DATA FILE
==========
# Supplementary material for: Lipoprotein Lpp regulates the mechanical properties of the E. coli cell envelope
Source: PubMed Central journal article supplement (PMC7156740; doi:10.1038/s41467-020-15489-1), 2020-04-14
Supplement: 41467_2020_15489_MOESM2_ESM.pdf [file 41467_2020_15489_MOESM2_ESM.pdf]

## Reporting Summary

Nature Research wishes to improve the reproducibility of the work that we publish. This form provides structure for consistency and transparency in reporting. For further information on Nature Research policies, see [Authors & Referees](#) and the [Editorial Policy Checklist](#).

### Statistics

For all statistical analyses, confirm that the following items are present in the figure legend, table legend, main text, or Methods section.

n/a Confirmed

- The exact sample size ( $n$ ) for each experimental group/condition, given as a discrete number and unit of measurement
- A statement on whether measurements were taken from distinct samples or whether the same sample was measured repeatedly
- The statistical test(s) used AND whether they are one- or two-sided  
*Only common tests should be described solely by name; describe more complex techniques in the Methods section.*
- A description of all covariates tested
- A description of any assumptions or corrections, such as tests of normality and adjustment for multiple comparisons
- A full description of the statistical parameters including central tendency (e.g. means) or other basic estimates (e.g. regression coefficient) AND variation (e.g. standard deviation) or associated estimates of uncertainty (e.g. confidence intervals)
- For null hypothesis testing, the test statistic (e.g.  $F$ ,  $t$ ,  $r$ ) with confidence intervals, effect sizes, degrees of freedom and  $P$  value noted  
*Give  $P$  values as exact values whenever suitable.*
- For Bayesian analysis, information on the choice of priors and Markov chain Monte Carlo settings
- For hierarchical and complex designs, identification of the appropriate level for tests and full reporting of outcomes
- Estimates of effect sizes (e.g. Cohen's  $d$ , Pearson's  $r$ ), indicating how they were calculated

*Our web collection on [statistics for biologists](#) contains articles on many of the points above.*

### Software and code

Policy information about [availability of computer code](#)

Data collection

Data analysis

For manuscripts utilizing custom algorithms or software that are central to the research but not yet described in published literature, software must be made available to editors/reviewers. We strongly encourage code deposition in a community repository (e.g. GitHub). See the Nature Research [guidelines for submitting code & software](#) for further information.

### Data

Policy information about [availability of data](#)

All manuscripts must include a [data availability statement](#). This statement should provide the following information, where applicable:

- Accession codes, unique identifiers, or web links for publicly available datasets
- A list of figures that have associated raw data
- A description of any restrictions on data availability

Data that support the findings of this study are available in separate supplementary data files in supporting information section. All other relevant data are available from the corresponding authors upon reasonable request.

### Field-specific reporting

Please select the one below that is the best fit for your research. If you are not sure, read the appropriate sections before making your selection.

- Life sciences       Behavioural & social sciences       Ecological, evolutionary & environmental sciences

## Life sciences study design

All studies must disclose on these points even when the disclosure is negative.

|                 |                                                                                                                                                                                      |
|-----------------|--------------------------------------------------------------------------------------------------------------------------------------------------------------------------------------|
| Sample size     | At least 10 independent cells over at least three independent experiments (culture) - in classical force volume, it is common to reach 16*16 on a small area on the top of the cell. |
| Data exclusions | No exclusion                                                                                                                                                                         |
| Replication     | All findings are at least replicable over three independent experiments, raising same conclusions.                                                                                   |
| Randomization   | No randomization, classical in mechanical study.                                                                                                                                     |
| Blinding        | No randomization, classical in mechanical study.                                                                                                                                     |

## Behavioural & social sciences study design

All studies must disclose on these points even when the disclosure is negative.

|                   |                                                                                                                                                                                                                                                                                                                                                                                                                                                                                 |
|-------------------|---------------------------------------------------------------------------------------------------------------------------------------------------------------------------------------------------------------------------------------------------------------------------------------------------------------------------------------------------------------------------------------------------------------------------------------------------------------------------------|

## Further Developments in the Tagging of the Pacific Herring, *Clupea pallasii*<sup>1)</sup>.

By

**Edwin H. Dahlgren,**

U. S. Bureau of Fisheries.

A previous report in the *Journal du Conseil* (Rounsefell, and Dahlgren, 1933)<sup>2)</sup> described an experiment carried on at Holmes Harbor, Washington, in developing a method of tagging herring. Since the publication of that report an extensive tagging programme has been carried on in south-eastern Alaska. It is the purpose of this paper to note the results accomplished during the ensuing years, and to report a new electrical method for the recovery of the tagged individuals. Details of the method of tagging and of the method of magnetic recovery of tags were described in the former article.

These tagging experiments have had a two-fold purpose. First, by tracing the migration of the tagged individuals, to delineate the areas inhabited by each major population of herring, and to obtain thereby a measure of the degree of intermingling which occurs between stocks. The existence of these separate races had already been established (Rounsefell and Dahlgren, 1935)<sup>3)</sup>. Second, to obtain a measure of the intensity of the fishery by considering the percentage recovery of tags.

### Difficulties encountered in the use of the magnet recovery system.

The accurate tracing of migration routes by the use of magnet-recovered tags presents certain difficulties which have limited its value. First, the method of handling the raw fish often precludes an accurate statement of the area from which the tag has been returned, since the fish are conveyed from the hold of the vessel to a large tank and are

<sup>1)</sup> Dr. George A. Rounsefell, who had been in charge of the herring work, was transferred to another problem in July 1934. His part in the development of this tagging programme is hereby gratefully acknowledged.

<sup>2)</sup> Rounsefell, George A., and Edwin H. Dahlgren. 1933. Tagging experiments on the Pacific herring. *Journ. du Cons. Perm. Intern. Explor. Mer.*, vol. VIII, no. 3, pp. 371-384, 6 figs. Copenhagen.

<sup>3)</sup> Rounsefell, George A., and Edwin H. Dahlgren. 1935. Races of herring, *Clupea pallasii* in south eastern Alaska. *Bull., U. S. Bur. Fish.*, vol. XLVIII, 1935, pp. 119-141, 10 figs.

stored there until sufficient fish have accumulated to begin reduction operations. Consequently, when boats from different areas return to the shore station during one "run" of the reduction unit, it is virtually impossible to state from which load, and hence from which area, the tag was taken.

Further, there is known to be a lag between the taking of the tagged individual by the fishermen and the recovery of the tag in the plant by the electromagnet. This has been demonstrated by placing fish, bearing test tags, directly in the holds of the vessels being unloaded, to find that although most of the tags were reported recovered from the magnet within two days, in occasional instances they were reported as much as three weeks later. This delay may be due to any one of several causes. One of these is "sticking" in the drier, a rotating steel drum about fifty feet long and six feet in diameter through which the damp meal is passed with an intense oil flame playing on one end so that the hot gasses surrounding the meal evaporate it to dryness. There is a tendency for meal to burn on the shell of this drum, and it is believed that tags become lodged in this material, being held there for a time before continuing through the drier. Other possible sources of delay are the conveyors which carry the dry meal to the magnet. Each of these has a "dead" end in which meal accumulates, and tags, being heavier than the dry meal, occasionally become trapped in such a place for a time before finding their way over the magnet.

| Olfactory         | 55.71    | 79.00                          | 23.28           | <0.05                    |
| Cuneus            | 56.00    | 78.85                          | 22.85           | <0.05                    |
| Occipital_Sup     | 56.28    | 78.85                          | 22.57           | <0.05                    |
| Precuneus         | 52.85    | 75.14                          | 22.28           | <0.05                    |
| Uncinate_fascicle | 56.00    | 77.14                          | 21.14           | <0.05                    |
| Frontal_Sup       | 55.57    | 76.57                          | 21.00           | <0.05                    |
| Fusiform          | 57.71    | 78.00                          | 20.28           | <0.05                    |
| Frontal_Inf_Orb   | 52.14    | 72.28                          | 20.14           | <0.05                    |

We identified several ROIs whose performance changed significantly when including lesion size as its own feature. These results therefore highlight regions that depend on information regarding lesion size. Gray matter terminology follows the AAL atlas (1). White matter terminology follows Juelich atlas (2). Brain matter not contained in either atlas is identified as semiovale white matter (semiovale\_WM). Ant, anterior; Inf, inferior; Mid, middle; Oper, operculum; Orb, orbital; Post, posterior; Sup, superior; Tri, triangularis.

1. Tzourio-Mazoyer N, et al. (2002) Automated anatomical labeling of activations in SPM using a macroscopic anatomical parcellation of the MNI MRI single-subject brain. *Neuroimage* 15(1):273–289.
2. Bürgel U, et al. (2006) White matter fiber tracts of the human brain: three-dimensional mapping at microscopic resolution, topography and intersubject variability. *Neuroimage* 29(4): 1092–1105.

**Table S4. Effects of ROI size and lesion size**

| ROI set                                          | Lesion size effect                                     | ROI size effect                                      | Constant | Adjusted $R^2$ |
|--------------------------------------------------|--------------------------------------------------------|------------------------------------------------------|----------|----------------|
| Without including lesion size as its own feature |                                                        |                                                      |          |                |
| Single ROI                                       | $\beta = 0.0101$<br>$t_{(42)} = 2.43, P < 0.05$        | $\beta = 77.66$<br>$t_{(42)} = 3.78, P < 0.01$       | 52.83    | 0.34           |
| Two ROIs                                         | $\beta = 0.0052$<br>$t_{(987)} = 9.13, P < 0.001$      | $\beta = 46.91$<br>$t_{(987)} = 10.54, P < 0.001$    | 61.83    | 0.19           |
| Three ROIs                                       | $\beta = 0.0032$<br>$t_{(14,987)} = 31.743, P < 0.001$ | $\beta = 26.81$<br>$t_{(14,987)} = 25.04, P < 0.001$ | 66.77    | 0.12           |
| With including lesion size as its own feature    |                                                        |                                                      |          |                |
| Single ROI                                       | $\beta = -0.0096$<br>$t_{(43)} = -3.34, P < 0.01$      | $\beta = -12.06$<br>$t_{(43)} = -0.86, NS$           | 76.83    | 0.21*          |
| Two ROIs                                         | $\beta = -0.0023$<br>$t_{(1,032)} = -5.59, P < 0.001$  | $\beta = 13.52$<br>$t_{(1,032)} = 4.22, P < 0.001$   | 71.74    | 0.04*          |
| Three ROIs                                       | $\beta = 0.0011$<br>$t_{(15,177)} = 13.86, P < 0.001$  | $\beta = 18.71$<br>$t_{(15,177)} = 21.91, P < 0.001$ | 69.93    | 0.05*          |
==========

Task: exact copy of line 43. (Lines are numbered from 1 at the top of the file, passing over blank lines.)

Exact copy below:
| Replication     | All findings are at least replicable over three independent experiments, raising same conclusions.                                                                                   |